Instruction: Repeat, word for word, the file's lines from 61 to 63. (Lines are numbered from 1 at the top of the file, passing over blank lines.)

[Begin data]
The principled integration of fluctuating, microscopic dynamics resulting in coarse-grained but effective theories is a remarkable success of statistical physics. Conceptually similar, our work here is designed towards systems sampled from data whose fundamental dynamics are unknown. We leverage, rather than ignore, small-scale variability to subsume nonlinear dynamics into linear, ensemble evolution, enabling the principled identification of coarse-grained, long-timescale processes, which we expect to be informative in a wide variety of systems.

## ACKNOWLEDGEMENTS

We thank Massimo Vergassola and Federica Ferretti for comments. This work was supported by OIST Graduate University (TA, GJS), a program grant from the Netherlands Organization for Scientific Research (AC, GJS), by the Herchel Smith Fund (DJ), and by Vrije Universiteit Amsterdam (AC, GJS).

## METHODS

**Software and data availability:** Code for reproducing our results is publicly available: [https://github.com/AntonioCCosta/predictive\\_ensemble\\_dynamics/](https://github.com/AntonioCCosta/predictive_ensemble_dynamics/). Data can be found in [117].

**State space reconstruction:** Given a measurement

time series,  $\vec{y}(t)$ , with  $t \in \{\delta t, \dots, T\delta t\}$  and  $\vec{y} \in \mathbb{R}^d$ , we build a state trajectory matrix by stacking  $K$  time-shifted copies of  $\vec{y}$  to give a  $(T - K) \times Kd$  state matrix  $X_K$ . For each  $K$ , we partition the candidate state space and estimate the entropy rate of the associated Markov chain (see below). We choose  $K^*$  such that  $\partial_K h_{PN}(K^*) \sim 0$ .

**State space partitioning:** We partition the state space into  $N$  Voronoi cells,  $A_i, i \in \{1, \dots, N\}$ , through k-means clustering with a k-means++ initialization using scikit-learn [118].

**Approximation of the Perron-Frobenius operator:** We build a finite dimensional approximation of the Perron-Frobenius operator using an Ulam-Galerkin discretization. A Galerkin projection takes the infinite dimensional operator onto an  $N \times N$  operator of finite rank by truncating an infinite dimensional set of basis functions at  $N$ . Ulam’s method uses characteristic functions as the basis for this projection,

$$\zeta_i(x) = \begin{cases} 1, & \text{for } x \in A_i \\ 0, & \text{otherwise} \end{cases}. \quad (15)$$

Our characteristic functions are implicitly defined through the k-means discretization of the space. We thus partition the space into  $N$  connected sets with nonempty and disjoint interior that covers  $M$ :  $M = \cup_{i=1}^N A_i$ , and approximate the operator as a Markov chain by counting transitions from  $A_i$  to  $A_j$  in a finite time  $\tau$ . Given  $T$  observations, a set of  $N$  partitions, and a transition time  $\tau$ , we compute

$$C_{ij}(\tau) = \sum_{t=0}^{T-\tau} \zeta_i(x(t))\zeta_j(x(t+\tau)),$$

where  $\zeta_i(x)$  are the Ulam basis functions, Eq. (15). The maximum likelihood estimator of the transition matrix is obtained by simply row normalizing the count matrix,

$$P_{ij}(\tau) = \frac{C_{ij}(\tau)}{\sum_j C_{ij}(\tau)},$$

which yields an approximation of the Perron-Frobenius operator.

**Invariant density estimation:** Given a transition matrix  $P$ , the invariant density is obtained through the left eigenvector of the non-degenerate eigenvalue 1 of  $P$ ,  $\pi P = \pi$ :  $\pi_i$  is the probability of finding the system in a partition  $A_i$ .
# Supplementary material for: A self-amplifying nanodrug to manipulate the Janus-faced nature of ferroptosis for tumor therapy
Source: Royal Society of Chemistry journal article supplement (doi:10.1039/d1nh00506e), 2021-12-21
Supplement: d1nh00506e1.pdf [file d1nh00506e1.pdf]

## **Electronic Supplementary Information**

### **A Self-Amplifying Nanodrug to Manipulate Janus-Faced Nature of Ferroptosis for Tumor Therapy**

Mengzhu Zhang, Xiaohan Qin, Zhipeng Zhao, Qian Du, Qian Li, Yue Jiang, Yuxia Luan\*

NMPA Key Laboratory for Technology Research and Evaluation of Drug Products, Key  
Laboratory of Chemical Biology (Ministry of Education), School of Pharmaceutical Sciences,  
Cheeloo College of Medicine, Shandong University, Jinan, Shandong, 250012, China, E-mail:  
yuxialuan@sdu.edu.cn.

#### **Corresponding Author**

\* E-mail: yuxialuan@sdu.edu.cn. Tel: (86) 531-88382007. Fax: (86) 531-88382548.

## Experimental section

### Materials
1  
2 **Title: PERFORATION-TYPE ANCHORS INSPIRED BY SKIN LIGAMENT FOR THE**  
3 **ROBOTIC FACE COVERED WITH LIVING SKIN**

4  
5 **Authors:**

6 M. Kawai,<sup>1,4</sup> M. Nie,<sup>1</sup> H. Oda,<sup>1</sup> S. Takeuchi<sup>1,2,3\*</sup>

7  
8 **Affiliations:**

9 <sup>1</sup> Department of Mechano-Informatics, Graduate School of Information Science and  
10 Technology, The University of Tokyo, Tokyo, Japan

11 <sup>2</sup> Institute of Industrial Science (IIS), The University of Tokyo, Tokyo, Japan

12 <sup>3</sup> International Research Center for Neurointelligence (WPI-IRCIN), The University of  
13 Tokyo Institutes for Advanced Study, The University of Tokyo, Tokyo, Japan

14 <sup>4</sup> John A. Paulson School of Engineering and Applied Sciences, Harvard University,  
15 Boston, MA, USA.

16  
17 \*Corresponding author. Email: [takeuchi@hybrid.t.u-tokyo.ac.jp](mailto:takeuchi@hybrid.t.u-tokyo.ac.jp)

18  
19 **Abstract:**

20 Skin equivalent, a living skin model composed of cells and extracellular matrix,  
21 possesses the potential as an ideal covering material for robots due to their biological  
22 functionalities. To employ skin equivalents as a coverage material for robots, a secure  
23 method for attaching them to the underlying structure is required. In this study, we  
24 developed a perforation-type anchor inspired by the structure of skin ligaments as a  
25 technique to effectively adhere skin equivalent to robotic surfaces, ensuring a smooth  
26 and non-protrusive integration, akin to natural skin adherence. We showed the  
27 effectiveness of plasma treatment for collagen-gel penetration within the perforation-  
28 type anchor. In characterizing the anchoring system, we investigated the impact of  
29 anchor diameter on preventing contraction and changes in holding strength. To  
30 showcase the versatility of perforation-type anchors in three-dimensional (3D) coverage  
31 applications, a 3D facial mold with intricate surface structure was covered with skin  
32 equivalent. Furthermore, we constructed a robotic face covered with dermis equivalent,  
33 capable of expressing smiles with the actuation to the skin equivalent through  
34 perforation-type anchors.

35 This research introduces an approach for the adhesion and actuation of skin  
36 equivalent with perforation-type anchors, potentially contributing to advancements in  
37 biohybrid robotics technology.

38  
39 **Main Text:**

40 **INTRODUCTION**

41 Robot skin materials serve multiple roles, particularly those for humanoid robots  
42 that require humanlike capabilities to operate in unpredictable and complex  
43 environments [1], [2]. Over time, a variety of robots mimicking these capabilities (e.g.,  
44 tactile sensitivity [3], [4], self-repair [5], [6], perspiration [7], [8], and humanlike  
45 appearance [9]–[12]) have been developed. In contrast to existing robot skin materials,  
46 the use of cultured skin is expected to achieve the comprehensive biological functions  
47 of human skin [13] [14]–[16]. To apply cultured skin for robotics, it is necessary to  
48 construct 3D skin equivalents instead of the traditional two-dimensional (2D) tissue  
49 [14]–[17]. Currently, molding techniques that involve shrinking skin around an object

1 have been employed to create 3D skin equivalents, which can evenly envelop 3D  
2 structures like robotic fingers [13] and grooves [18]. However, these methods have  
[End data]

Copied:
31 applications, a 3D facial mold with intricate surface structure was covered with skin  
32 equivalent. Furthermore, we constructed a robotic face covered with dermis equivalent,  
33 capable of expressing smiles with the actuation to the skin equivalent through  